But K. was not an irrationalist about Christianity. True, like Tertullian, he sometimes referred to what Christians believe (e.g., the incarnation) as absurd, but he MEANT by secular standards of rationality. He obvious did not think that believing Christianly requires a sacrifice of the intellect UNLESS “intellect” MEANS Hegelian-type dialectical reasoning (arriving at a smooth synthesis through sublation of the tension between opposites).
Dupre does an excellent job of showing, from K. himself, that K. actually valued reflection in faith. Reflection won’t get you TO faith, but once faith is found, reflection has value. On faith and reason Dupre says rightly “His [K.'s] entire work should be regarded as an effort, by means of a more profound meditation on the experience of modern man, to rediscover the commensurability of faith with reflective thought.” (142)
What about the charge that K. was against the church? That he reveled in individualism and rejected the communal dimension of Christianity? Again, Dupre debunks this. For example, K. wrote that “The individual is first related to God and only secondarily to the community: the first relation is the highest, although he must not despise the second.” (192) His objection was to the common notion that faith can somehow be handed down within the church (e.g., Bushnell’s “Christian nurture”). What is this other than another way of saying that “God has no grandchildren”–an old evangelical axiom?
K. wrote much about the church and most of it was negative. That was not because he disdained church but because the only church he knew (in his context) was the Danish Lutheran (state) Church. When he outlined his vision for church he said it should be a “small group of outlaws” (Dupre’s paraphrase of K. on this point) banded together for resistance to the world. (H. Richard Niebuhr uses K. as an example of his “Christ and culture in tension” model of Christ and culture. If Dupre is right, as I think he is, K. was rather a Christ against culture Christian.) But the point is that K. did NOT reject church in favor of a totally atomistic understanding of Christianity. What he rejected was Christendom–the church as synthesized with society such that belonging to the society made one a Christian and vice versa.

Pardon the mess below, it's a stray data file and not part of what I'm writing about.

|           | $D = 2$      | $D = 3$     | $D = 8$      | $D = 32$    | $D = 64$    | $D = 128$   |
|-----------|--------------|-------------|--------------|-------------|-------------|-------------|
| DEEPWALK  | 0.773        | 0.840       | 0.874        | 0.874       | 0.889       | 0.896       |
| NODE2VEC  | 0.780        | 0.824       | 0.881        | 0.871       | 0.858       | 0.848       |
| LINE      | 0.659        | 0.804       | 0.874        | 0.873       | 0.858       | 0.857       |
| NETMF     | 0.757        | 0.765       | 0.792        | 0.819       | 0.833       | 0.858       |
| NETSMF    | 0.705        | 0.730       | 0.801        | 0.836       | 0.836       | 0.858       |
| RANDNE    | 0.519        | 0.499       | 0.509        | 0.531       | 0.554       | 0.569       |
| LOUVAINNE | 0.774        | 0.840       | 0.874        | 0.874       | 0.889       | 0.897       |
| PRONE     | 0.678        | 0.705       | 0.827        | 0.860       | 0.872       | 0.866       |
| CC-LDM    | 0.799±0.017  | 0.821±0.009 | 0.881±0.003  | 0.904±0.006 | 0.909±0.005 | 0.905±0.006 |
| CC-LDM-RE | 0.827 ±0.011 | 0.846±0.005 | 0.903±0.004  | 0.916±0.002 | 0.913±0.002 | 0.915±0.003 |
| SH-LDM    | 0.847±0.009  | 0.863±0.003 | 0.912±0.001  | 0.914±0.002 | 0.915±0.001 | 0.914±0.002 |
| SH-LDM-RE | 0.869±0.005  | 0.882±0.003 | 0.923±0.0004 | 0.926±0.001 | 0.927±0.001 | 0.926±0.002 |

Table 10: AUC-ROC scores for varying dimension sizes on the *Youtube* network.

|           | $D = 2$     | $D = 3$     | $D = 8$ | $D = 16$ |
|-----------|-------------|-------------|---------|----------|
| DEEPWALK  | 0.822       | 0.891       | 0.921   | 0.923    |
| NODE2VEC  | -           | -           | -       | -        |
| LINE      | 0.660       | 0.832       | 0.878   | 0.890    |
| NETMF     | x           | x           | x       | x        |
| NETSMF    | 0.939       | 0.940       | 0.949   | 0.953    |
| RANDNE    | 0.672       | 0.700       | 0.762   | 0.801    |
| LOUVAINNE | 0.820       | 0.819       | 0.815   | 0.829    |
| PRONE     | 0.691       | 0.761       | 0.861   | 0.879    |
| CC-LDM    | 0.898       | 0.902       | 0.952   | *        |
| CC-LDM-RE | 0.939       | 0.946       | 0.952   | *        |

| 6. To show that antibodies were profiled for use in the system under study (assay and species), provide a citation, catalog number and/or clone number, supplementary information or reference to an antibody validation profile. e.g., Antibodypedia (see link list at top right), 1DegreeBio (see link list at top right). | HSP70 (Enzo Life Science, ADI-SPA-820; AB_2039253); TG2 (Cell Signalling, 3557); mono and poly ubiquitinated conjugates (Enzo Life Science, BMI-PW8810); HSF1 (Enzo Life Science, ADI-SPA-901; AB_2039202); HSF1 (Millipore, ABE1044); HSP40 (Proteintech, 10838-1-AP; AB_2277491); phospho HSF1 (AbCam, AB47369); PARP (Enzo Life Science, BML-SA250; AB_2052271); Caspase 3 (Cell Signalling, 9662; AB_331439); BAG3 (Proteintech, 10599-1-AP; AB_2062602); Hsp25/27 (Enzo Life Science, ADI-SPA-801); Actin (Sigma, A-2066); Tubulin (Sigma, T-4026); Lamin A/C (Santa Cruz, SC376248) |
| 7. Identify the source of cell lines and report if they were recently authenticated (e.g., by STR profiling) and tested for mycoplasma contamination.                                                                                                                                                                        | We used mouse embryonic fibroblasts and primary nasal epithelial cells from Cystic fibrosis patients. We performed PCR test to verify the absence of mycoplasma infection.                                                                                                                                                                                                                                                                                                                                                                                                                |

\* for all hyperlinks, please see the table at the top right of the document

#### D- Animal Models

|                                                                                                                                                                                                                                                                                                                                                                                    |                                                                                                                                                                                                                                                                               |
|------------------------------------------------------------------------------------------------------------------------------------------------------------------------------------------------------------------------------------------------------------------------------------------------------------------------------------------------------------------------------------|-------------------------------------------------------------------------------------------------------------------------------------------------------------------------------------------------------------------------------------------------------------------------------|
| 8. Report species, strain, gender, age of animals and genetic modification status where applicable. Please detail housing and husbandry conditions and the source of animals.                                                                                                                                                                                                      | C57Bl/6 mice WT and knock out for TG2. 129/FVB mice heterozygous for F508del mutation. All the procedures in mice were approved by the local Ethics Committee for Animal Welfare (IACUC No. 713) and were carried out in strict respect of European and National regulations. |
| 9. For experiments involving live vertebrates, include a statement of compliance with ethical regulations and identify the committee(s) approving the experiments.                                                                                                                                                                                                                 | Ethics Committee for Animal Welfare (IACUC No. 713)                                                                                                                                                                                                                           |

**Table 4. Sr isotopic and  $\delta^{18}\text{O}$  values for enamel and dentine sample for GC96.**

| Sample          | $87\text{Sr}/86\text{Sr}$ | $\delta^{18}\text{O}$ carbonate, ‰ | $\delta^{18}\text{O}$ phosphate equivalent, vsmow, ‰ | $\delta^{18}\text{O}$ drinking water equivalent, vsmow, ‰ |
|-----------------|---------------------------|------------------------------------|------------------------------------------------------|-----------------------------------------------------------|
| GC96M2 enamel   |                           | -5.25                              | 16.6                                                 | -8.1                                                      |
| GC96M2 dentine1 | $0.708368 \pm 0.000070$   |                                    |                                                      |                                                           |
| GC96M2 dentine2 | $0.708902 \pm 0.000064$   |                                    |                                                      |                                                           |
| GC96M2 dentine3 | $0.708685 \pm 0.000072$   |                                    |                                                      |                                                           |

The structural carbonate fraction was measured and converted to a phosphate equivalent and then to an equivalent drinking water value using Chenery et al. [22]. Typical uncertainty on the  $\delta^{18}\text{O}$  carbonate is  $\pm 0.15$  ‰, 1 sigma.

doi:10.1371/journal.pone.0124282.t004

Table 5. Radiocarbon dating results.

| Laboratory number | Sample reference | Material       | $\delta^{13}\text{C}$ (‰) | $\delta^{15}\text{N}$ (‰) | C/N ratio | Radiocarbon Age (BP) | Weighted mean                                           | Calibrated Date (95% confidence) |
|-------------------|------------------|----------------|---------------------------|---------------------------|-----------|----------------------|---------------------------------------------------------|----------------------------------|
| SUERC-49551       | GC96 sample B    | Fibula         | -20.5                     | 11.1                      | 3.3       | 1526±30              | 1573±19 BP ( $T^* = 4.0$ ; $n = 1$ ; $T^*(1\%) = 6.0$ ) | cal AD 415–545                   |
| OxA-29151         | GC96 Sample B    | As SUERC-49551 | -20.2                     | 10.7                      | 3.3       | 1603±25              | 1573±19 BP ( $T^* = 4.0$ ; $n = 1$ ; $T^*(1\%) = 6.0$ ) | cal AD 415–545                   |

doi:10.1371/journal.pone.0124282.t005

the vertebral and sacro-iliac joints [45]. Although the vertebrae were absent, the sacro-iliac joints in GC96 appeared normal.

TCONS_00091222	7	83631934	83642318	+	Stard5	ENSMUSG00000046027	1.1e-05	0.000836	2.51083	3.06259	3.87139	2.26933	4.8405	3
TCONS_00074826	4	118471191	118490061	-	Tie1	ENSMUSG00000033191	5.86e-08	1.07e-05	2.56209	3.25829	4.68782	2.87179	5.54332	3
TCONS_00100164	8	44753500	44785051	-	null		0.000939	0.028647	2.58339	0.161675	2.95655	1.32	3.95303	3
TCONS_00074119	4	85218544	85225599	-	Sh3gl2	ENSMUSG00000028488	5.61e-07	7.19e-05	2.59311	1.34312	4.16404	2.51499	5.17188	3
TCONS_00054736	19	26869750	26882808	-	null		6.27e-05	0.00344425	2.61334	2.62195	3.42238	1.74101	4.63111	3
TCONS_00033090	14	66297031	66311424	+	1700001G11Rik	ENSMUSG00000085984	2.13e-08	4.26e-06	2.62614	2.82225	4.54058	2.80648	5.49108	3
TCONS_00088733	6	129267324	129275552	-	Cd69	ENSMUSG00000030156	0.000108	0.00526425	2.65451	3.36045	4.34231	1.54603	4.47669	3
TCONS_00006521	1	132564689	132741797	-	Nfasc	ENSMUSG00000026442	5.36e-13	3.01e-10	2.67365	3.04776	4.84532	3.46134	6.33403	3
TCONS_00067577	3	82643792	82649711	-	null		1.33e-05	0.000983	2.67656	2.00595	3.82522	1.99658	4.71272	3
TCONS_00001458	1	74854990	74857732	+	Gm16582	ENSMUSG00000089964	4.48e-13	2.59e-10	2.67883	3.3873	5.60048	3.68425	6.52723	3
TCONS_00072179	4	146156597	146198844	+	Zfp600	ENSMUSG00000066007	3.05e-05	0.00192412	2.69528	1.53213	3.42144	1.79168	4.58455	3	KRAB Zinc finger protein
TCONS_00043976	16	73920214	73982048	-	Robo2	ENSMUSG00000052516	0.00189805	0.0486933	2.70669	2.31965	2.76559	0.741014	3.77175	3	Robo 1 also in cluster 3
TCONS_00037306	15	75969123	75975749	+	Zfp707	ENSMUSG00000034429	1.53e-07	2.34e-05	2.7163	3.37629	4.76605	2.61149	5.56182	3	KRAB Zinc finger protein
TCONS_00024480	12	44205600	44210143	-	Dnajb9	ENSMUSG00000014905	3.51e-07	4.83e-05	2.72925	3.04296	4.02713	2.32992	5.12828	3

K.’s pietism appears not in a mystical approach to faith as union with God but in his strong emphasis on the personal relationship with God. But for him, this personal relationship with God is NOT one of smooth acceptance because of one’s goodness or worthiness. Rather, it begins AND REMAINS a consciousness of sin before God. K. wrote: “If you are not conscious of your sinfulness to the extent that, in the most terrible anxiety of conscience, you dare not act otherwise than to cleave to Christ, you will never be a Christian. Only the torture of the consciousness of sin could account for a man’s subjecting himself to this radical cure. To become a Christian is, among all, all, the most terrible operation. No more than a man who feels slightly indisposed would ever get the idea of subjecting himself to the most painful operation, would it ever enter one’s head to concern himself with Christianity, if sin did not infinitely torture him.” (90) Yet, that was not the final word; K. always went on (eventually) to pronounce grace and forgiveness for those who are tortured by their sinfulness and cleave to Christ with faith: “‘Thy sins are forgiven thee’ (Luke 7, 49), that is the cry of encouragement of the Christians to one another; with this cry Christianity spreads all over the world, by these words it is recognized as a race apart, a separate nation.” (95)